This rule only applies to land not associated with an existing building, which means your house garden is not covered.
However, if your dream is for a fully-fledged campsite you’re almost certainly going to need planning permission. You’ll need approval to use the land as a campsite and you’ll also need consent for any structures like toilets and shower blocks. This is obtained from the planning department of the relevant local authority. There are lots of articles on the web to talk you through the process. There are also professionals like planning consultants who can lead you through what can be quite a complicated process.
Whichever path you follow it pays to do your research. Local authorities all have websites where you’ll find their main planning policies outlining their attitude towards tourism. You’ll also be able to seek out previous planning permission requests for campsites. This will give you a real insight into what the council likes and what it doesn’t.
They’ll look at your proposal on a number of different levels. Economic, social and environmental issues will also be taken into account. This will include questions like will your site bring more people and therefore more revenue to the area?
Then are the more material matters like its size, location and access. They’ll want to make sure your site isn’t in a flood zone. Also on their list will be the site’s design for visual impact. And high on their agenda these days will be your plans for water management, sewage and drainage. There could also be the need for issues like environmental impact or ecological surveys.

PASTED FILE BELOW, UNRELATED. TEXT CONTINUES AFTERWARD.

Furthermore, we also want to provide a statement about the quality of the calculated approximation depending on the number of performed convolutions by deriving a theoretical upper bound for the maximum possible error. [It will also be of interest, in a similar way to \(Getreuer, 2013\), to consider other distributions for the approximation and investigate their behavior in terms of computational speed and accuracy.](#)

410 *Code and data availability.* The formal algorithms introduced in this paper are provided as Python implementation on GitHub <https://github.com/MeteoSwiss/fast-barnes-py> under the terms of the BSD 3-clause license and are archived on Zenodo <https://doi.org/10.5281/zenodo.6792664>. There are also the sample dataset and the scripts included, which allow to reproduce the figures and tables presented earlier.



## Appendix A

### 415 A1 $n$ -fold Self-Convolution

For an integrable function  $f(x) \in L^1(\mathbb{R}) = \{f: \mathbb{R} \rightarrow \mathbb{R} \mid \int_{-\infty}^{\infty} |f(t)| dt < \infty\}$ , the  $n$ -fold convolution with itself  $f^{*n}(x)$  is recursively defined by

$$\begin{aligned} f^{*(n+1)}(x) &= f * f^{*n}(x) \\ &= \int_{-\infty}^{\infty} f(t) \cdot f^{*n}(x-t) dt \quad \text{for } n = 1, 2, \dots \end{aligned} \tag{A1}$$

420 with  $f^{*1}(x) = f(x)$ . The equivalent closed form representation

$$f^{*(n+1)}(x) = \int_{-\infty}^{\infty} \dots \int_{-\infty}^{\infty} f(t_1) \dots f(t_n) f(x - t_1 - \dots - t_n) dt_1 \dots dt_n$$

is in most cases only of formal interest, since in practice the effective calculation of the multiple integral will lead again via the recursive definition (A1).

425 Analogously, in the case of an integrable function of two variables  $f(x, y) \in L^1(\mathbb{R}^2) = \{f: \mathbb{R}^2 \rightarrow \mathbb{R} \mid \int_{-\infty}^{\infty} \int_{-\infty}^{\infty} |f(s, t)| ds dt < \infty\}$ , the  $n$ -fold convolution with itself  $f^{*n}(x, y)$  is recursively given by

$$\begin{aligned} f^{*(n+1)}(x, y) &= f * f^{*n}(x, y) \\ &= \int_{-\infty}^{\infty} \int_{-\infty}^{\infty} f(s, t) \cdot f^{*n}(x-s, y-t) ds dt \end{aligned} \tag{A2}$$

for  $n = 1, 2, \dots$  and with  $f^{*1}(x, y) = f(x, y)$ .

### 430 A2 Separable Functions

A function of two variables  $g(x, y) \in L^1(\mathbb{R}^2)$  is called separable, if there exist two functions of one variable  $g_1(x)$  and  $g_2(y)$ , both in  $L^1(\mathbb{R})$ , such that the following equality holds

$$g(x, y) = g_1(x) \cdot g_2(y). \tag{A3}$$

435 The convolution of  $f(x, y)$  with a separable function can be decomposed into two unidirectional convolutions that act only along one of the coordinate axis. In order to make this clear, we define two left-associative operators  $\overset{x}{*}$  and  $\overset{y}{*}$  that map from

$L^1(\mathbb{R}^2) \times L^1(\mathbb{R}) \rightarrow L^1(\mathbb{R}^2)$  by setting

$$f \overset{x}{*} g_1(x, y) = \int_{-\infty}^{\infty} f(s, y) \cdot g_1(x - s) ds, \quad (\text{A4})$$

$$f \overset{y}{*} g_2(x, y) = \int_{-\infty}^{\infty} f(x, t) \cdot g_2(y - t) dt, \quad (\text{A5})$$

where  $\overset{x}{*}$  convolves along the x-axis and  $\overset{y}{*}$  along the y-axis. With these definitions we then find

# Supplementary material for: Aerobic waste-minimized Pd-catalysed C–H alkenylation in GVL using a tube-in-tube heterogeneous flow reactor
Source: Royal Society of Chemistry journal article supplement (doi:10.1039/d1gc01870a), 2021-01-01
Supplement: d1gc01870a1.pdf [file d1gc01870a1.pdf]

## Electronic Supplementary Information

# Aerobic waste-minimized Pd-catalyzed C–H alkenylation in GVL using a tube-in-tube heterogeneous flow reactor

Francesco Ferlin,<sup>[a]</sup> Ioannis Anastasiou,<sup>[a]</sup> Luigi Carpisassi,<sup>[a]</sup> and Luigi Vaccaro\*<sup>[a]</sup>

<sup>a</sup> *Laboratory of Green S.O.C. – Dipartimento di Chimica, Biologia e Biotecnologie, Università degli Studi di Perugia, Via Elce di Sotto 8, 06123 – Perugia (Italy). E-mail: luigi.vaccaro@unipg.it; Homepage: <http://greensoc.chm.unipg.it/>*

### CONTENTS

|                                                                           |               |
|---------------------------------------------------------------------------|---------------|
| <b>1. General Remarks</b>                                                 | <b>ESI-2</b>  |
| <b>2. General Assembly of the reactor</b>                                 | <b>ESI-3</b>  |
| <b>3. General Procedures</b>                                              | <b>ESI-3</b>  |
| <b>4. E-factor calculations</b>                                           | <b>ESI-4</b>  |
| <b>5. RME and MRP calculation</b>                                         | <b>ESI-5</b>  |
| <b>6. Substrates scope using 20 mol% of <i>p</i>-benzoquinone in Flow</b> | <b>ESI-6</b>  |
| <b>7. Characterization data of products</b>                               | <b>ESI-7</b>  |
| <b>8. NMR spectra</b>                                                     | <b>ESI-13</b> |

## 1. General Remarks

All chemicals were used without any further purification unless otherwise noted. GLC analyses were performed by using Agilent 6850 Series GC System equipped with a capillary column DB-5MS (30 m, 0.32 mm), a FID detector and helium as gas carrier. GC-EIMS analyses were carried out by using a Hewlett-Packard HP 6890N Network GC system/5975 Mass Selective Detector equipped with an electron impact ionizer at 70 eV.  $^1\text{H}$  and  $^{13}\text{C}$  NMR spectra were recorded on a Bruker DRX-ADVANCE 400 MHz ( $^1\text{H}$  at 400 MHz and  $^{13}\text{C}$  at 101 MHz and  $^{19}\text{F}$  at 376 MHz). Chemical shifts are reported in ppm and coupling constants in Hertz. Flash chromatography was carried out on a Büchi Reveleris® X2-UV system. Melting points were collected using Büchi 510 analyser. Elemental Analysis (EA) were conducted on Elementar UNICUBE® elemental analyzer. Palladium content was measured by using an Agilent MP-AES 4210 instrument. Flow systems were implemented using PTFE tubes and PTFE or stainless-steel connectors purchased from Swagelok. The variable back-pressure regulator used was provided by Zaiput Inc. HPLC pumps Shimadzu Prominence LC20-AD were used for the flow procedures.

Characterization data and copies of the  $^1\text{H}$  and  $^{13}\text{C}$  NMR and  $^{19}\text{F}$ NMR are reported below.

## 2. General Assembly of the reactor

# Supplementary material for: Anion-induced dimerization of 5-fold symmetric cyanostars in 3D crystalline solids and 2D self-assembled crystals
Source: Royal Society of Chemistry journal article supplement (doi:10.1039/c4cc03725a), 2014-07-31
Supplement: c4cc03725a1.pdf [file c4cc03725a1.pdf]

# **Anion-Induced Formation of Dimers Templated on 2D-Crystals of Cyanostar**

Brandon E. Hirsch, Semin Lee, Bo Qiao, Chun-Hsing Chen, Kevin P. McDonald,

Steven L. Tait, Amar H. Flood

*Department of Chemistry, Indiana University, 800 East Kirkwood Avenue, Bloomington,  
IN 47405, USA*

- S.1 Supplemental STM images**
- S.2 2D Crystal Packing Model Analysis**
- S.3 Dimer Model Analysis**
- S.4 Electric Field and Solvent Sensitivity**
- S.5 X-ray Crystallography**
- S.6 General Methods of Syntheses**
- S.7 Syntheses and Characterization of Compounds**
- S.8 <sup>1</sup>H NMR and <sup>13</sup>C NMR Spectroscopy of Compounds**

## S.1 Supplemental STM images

Build a relationship with the planning officer and seek their guidance. They are the experts and your dreams are in their hands. They’ll be able to steer you in the right direction.
Once you have planning permission you’ll also need a campsite licence if your campsite will be used for either 42 days in a row or more than 60 days in any 12 month period. Local authorities will have licence conditions available from their planning offices and on their websites. These will include things like suggested numbers of WCs or showers. There’ll also be consideration for disabled access.
It’s a lot to get your head around but all the resources are out there for you to use. It can also be quite costly. But if you set a reasonable budget and make a detailed business plan at the outset your business dream should become a reality.
Arthur Penlington is the former Senior Editor of the BBC TV News Channel. He spent 18 years with the corporation. He covered three wars from the frontlines and stories from five continents.
He’s passionate about travel and the outdoors. After moving to Australia he sold his house and travelled the world for almost eight years. He’s written a top 3 travel humour book – Around The World In Wonder Socks – based on a year backpacking the world with no plan. Destinations were decided by the toss of a coin.
He’s camped in Australia, Asia, Europe and Africa and spent time with a former headhunter tribe, deep in the Borneo Jungle.